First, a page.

As Guo struggled to figure out how to get home, drivers in a handful of cars called out to passersby, offering them steep prices. “I haven’t seen this many black cars for years,” Guo told Sixth Tone. “It feels like we’ve reverted to a feudal society overnight.” She wasn’t able to hail a licensed taxi — drivers became even pickier during the late-night suspension — and refused to take a black car. “People get killed, even when taking authentic Didi cabs!” Guo said. “Who would dare take a black car nowadays?” In the end, she downloaded another ride-hailing app, Meituan Dache, and finally got into a cab 40 minutes after leaving the restaurant.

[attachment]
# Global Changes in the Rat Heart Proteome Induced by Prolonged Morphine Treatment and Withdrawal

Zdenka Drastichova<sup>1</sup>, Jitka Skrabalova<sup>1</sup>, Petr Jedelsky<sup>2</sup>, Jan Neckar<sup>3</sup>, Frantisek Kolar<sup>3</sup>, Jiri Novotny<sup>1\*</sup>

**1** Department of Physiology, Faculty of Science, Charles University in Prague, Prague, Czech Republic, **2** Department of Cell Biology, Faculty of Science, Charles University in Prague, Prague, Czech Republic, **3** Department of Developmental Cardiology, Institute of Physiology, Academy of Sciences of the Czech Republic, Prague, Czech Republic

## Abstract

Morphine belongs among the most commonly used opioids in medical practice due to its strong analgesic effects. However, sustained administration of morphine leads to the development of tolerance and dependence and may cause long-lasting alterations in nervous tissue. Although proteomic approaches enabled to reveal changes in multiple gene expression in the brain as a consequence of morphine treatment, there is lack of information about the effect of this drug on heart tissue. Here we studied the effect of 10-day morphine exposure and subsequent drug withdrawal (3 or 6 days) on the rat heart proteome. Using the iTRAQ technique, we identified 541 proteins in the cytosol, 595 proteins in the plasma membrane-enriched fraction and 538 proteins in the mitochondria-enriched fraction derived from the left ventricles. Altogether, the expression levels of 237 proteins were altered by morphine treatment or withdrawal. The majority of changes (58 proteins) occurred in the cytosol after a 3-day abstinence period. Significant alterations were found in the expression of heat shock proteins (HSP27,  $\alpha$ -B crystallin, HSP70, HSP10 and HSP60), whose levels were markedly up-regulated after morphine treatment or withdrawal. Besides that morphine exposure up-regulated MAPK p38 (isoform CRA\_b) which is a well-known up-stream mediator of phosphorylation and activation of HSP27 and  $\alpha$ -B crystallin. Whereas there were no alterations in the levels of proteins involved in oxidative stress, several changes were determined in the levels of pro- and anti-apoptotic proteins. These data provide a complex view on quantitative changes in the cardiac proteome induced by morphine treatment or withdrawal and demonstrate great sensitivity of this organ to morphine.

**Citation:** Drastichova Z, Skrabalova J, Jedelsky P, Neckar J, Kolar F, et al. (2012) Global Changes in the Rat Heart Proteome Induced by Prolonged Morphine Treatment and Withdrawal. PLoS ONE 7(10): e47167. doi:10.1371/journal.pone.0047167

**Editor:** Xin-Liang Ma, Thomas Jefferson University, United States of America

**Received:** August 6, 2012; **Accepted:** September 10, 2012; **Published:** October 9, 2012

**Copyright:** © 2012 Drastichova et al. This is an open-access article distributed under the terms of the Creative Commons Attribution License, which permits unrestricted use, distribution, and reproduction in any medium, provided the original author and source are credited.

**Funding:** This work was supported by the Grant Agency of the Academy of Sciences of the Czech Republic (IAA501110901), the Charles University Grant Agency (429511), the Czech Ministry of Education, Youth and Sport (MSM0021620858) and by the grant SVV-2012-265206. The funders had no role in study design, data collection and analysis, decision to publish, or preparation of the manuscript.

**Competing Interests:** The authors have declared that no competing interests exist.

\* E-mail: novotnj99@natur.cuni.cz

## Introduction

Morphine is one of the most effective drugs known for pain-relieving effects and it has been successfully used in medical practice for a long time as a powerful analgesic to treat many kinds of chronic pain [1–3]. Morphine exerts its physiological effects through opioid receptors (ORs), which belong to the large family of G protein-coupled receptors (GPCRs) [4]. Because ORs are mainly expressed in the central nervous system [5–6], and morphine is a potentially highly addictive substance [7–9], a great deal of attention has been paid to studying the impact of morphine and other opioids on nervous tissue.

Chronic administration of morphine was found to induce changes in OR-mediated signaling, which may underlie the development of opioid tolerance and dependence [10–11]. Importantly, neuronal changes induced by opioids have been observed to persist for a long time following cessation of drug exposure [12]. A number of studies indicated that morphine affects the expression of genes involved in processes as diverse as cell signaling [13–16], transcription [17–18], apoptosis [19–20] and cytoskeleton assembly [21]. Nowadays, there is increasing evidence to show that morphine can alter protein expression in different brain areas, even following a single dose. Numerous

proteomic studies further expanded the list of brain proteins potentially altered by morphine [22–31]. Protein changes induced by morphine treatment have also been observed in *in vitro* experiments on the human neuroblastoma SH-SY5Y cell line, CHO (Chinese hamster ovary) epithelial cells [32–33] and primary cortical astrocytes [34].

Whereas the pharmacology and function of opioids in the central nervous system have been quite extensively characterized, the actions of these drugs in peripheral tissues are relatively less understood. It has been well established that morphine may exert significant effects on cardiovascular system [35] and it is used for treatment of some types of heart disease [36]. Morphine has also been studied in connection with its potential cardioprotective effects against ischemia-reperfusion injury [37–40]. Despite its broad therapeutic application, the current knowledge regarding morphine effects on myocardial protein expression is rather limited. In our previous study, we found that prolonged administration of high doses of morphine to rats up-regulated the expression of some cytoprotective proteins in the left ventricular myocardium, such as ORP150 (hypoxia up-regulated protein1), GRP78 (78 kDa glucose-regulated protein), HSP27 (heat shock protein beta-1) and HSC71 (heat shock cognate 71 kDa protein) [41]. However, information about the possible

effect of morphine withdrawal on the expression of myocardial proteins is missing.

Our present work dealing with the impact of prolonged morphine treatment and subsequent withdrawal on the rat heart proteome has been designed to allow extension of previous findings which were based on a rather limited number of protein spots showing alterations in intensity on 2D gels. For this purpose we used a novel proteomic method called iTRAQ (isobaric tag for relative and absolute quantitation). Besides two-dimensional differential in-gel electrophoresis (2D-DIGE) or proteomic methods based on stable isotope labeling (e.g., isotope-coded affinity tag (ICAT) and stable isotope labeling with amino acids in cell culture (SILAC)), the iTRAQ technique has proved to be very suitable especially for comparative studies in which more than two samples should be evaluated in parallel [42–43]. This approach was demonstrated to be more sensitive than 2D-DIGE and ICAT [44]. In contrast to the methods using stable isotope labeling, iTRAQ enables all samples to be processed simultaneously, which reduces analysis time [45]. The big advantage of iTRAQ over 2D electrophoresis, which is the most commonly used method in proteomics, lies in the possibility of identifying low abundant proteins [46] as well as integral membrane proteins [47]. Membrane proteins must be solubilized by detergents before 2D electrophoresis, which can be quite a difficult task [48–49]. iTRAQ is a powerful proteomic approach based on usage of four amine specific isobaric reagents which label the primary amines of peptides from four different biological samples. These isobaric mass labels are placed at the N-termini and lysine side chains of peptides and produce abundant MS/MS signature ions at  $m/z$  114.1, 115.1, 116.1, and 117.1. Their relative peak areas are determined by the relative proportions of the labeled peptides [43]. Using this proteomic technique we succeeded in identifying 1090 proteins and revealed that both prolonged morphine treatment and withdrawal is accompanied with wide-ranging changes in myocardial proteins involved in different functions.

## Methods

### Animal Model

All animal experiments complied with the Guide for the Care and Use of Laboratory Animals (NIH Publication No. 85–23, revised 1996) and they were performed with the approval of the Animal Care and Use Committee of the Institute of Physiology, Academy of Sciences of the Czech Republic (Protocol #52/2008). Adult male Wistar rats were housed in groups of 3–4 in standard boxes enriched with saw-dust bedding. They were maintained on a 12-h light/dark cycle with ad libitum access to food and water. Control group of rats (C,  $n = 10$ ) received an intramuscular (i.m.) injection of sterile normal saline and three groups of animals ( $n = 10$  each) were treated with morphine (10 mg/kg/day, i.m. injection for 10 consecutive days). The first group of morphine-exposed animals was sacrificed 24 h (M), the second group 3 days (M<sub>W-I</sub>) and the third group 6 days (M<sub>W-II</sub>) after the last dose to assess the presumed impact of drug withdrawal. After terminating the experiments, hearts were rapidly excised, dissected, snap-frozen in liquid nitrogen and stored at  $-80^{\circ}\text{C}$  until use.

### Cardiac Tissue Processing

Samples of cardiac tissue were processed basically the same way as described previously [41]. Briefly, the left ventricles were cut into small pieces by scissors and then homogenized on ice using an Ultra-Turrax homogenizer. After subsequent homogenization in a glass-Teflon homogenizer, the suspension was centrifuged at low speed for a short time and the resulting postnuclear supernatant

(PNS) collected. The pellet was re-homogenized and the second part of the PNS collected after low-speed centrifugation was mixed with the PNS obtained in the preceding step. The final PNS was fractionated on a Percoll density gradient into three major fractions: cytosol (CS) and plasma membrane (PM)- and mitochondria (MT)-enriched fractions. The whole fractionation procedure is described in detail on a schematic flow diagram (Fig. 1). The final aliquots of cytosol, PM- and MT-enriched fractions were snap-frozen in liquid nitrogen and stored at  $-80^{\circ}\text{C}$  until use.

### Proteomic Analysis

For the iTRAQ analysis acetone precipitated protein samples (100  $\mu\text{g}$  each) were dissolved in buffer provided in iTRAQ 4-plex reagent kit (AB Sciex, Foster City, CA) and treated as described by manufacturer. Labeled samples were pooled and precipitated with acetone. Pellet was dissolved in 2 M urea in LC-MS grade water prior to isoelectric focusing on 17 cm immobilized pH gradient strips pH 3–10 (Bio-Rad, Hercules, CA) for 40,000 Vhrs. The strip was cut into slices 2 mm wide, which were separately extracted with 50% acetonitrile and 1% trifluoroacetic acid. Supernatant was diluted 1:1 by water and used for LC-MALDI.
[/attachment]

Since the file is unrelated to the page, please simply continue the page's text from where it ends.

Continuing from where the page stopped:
A widely shared article titled “The First Night Without Didi” in Chinese online publication AI Caijing portrayed the blackout in a dystopian style in which black cars made a comeback, and those finishing a night out suddenly found themselves with no way to get home. “The authorities and the police both underestimated the impact of [Didi] on people’s ability to commute efficiently,” noted the article. Online, some questioned whether the suspension was all a shrewd PR strategy on Didi’s behalf, aimed at making the public miss its service. Sixth Tone contacted Didi with a range of questions, including its motive behind the suspension, the resurgence of black cars, and its dominance in the ride-hailing industry. Didi declined to comment at all for this article.